OPINION: MILLS ON ... THE PERILS OF TOO MANY ADS
By DOMINIC MILLS, campaignlive.co.uk, Friday, 17 December 1999 12:00AM
I suppose, if you look at it from an advertiser’s point of view, the explosion of media - probably the defining industry development of the last decade - is a wonderful thing.
I suppose, if you look at it from an advertiser’s point of view,
the explosion of media - probably the defining industry development of
the last decade - is a wonderful thing.
It means that there are more opportunities and places to advertise and
more opportunities to catch the consumer’s eye. I’m not just talking
about digital TV, so much as the proliferation of all media - from
takeaway lids, BT phoneboxes and internet sites to sponsored events, and
from product placement to guerrilla laser projections.
And this is a global phenomenon, according to the latest Zenith report,
which predicts global growth in advertising expenditure of around 6 per
cent a year for the next two years. Let’s be clear: 6 per cent on 1999’s
global adspend of dollars 300 billion is a hell of a lot of extra
advertising impacts. Of course, if you’re in advertising or marketing
you play with the cards you are dealt. If they fall in your favour, so
much the better.
But there are times when it’s worth taking a look at life through the
other end of the telescope. And if we do that, what do we see? Well, we
see consumers who are bombarded at every moment and in virtually every
location. Even a hermit would be hard pushed to avoid being exposed to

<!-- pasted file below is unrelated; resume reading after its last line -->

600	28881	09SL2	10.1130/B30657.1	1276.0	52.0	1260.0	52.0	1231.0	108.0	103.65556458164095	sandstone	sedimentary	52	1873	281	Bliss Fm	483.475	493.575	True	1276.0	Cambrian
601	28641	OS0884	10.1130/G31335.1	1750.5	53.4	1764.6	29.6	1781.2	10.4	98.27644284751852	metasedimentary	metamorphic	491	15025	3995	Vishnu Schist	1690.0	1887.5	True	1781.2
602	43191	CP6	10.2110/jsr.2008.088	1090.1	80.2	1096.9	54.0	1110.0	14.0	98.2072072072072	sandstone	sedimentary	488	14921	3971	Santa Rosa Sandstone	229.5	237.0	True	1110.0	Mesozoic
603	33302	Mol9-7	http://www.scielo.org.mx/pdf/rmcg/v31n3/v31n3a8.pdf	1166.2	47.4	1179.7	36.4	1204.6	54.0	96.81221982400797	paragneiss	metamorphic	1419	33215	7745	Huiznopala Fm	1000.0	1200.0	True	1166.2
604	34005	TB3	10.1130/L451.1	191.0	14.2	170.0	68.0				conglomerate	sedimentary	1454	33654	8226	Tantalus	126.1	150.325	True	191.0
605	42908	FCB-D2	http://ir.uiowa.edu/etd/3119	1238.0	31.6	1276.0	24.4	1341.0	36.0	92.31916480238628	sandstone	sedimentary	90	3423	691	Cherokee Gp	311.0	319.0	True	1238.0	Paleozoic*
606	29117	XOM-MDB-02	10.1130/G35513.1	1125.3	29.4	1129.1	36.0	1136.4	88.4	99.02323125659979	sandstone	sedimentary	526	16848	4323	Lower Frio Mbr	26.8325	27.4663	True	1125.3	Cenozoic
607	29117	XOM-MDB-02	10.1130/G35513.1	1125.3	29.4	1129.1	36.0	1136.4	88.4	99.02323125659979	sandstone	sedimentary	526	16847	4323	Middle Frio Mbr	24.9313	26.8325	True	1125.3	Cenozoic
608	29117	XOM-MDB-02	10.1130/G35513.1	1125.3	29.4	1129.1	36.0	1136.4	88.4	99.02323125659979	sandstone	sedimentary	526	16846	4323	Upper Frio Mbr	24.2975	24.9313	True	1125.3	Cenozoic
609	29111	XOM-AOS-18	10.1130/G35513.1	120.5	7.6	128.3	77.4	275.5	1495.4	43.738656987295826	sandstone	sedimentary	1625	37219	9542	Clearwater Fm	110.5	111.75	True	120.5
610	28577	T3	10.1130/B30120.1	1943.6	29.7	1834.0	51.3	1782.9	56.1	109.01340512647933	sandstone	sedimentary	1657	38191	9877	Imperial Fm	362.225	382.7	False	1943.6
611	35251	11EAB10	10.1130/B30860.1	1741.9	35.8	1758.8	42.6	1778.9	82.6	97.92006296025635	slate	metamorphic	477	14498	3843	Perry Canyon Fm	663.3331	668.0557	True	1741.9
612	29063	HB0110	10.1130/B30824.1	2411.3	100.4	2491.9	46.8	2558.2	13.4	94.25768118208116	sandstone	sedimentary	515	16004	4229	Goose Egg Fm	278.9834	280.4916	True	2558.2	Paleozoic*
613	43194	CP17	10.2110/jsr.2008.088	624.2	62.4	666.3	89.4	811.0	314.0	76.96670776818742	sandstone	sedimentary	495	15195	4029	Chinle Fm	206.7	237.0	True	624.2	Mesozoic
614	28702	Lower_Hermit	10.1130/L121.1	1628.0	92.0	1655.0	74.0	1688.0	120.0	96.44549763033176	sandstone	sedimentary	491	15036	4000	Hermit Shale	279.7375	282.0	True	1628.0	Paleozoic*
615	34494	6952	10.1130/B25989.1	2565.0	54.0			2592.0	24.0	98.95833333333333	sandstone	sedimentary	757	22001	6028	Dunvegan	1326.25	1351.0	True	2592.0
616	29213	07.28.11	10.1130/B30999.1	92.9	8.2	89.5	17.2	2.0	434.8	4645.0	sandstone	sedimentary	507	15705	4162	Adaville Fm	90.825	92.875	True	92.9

advertising. You can run, as the saying goes, but you can’t hide.
Up to a point, this is fine. By and large, most people like
They understand its role as a funder of media, in creating choice and
promoting competition. Some of us even believe it brings joy and
entertainment to our lives as well as some cheer to the urban
But that is not the same as accepting that there are no limits to its
intrusiveness or, increasingly, its all-pervasiveness. The trouble is
that the advertising industry has no natural self-correcting
Adam Smith’s concept of the ’invisible hand’ of market forces does not,
I think, apply to the advertising world. Individually the addition of
each new media opportunity - a hoarding here, a sponsorship there -
doesn’t amount to a hill of beans. Cumulatively, however - which is how
the poor consumer tends to see the process - it’s another damned
This profusion of advertising brings another problem in its wake:
As each new advertising opportunity dulls the senses of the consumer, so
the need to shout that little bit louder or stretch the truth becomes
more pressing. Again, the cumulative effect of this on the consumer is
not a pleasant one to contemplate.
So is there a point at which consumers will turn hostile to advertising
and, after that, to advertisers? Don’t bet against it. A Lowe
Howard-Spink research project has already identified the ad-avoider
phenomenon in this country, and it is but a short step from the relative
passivity of avoidance to the anti-consumerist activism we saw in
Seattle earlier this month.They are, in reality, different sides of the
So there we have the advertising industry challenge for the millennium:
don’t miss the people off.
This article was first published on campaignlive.co.uk
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